Il ruolo della Cina nel trattato sul clima

Sono rimaste dieci settimane e poi i leaders mondiali inizieranno a Copenhagen il dialogo finale sul prossimo trattato sui cambiamenti climatici. In quel trattato, forse, sarà raggiunto un significativo accordo di collaborazione per allontanare la catastrofe.

Segue il Comunicato di Human Rights Without Frontiers

Ten weeks remain until world leaders descend on Copenhagen to begin final talks on the next treaty to end the climate crisis.  In the worst case scenario, governments agree to a hollow deal or none at all.  The world anticipates however, that a global treaty will be achieved-one that moves us into meaningful collaboration and away from catastrophe.

In September, President Hu Jintao raised hopes when he pledged to decrease China’s carbon intensity by a “notable margin” and to generate 15% of the country’s energy needs from renewables, by 2020.

This has prompted some to call China the new leader of the green revolution: Thomas Friedman recently wrote Red China is now Green China, in a NYTimes editorial.

Leadership that looks to renewable natural resources to combat climate change is indeed on the right track.  However, before China can be declared “Green China,” it must look to and utilize its most vital natural resource: its people.  Without realizing the full inclusion of its citizenry, any promises to improve the environmental situation will remain incomplete.

A vibrant civil society is a central piece of the puzzle to ensuring environmental protection in China.  Making the environment safe will require engaging those actors on the ground with the most intimate knowledge of the problem.  In finding solutions, the wealth of creative approaches from the citizenry cannot go ignored.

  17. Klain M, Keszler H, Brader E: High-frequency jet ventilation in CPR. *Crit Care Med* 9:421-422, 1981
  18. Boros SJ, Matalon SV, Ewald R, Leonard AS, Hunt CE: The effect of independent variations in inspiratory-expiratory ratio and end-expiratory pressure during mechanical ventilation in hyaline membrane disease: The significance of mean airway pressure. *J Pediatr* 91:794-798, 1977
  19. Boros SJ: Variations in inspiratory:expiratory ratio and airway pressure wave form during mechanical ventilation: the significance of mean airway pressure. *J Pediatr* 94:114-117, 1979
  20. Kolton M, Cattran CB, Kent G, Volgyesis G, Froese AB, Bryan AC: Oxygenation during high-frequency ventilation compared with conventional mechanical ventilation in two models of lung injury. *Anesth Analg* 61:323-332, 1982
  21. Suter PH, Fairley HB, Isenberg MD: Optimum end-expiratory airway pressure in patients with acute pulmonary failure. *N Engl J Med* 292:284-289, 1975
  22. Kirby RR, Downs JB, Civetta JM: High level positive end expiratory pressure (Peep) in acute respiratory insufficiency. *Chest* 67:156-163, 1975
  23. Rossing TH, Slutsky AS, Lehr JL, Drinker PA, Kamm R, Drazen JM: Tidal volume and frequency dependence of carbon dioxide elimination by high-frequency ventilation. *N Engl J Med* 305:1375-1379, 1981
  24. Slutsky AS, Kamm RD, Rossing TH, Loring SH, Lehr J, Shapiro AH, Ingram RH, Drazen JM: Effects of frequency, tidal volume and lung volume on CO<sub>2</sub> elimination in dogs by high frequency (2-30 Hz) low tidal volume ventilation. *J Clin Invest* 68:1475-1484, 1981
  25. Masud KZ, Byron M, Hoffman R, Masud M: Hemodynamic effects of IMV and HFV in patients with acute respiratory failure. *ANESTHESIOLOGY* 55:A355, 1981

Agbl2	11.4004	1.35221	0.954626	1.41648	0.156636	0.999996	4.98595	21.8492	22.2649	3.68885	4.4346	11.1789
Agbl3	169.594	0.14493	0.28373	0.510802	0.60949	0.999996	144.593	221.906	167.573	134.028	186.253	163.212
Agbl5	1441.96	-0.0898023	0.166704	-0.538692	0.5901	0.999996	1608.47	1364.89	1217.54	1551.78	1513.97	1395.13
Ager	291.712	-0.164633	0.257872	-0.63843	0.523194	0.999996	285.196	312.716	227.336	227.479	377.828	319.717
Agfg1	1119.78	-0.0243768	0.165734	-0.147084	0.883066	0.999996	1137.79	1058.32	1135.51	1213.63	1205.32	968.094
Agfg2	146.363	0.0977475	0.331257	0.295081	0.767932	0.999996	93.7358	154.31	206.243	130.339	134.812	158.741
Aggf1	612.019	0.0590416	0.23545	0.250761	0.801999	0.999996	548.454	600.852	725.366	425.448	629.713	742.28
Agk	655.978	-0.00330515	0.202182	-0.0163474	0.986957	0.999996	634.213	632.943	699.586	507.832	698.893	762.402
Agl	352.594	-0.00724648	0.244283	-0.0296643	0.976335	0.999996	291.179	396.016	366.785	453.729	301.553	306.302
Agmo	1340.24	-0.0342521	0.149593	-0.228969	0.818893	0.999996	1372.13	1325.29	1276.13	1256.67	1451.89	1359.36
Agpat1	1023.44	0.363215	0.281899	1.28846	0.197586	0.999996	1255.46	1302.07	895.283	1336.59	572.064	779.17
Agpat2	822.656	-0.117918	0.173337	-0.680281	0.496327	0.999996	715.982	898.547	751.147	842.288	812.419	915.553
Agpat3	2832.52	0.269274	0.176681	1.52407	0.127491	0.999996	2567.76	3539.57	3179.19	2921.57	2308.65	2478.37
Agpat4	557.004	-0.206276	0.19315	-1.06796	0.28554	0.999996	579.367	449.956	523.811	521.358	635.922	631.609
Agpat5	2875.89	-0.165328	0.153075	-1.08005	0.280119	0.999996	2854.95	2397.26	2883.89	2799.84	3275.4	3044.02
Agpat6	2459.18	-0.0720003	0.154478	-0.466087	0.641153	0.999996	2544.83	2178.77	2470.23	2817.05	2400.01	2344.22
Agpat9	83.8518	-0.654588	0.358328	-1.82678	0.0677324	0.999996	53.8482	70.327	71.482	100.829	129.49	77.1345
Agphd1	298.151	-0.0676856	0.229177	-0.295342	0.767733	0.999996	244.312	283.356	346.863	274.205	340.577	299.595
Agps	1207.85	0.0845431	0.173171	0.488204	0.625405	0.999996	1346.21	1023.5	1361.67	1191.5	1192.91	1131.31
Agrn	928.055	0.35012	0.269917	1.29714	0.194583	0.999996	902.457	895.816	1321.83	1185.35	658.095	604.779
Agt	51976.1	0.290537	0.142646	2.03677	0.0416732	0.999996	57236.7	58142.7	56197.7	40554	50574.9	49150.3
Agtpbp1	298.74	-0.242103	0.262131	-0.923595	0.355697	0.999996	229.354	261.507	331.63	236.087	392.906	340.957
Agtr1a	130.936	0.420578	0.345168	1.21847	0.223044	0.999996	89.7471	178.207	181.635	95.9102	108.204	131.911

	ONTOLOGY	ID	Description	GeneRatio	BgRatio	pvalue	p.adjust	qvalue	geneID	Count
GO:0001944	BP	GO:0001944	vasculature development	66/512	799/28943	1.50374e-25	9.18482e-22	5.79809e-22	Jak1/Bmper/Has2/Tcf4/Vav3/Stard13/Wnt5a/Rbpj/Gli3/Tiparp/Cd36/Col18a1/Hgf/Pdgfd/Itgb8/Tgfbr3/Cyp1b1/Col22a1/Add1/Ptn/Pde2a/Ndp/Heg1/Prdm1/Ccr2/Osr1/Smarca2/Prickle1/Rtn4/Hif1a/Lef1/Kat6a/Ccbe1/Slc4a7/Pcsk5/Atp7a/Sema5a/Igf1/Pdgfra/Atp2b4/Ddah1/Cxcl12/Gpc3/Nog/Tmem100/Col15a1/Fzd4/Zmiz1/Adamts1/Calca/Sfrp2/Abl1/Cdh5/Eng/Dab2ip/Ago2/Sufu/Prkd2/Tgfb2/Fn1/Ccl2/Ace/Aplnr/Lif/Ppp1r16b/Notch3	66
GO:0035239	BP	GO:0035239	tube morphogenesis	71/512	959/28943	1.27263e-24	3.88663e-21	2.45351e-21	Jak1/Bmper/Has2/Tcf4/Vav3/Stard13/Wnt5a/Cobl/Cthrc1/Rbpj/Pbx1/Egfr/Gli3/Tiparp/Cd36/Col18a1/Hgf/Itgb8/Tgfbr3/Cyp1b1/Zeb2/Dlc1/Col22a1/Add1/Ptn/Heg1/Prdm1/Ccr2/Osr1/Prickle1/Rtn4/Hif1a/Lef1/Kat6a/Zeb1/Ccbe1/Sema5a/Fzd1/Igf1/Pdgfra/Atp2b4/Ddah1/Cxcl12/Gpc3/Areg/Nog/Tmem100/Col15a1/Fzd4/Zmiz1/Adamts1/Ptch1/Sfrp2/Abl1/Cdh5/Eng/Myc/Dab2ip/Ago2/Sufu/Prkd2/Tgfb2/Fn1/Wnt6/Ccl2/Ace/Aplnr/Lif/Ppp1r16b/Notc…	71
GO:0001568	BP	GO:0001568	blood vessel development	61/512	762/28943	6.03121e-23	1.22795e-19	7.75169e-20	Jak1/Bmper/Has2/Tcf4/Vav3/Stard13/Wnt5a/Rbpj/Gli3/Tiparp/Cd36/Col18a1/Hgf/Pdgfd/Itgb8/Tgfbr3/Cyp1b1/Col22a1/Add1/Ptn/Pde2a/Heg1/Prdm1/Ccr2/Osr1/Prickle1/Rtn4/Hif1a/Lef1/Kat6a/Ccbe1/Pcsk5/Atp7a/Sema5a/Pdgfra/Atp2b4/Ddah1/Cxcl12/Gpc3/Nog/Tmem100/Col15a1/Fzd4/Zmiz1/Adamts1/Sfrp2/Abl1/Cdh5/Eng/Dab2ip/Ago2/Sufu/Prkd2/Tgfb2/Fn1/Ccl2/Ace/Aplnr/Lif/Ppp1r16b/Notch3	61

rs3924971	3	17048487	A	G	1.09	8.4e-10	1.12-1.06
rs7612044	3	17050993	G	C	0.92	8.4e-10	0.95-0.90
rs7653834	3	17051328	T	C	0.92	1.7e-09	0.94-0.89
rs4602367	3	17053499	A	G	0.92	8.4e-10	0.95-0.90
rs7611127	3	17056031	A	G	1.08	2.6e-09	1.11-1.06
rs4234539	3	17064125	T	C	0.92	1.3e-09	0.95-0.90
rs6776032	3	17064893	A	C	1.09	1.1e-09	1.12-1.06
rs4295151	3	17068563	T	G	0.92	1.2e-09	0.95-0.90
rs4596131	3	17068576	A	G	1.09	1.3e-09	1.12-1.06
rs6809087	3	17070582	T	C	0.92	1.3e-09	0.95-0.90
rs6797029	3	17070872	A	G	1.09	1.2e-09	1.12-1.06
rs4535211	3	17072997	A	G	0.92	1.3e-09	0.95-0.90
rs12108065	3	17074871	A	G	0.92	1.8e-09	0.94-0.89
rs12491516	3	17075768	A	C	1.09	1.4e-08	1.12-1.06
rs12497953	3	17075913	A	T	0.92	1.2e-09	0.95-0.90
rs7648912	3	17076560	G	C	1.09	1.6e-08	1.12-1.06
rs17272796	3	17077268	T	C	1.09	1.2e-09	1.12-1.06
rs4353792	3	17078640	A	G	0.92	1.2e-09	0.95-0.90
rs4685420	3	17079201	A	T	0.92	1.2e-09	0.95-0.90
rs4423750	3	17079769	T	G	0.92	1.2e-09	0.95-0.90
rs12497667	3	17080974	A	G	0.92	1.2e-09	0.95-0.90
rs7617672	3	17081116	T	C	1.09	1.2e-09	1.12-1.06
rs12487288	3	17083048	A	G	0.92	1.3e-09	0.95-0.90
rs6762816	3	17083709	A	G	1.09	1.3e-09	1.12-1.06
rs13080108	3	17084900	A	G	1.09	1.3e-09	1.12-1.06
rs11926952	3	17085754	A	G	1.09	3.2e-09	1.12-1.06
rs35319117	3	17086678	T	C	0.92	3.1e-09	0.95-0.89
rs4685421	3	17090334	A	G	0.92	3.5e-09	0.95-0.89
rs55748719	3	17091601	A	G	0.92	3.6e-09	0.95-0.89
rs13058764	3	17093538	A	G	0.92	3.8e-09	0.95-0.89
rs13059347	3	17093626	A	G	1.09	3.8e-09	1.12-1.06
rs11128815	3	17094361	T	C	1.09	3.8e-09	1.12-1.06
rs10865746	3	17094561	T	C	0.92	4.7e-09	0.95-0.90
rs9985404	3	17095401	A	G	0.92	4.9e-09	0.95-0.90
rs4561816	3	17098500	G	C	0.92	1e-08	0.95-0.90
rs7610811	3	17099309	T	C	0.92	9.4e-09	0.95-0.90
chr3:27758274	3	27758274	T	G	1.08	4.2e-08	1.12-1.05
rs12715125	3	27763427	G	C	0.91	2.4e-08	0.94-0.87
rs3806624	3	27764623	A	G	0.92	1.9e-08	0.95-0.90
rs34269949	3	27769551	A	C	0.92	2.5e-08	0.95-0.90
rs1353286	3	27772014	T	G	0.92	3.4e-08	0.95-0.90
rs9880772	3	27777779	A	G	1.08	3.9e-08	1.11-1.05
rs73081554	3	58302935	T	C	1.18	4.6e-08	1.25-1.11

As United Nations energy expert Thomas Jensen points out, “We are not going to solve anything if we just treat [climate change] as an environmental issue. That should be the starting point, to have a real impact we must acknowledge the fact that climate change is not an environmental issue alone, but it’s a human issue.”

To be an environmental leader, Beijing must transform its relationship with civil society.  It must enhance rather than limit the operations of environmental NGOs.  Citizens must have full access to information, rather than inaccurate and incomplete reports of the environmental situation.  News of pollution must not be rapidly removed or censored. Outspoken officials who promote public participation, like Pan Yue, must not be sidelined.

To be an environmental leader, polluters in China cannot continue to operate in a “black box” of secrecy.[1]  Offenders protected by local authorities, such as those responsible for the recent lead and manganese poisonings in Shaanxi, Hunan and Fujian, must be held accountable.  Those human rights defenders calling for greater transparency and accountability must know their safety is secured.

In December, we will be looking to world leaders to bring us back from the edge of disaster.   But we cannot rely on leaders alone: such a vast crisis requires massive participation.  It is difficult to recall a time when it was ever more essential that we all have full ability to act and contribute to the global solution.

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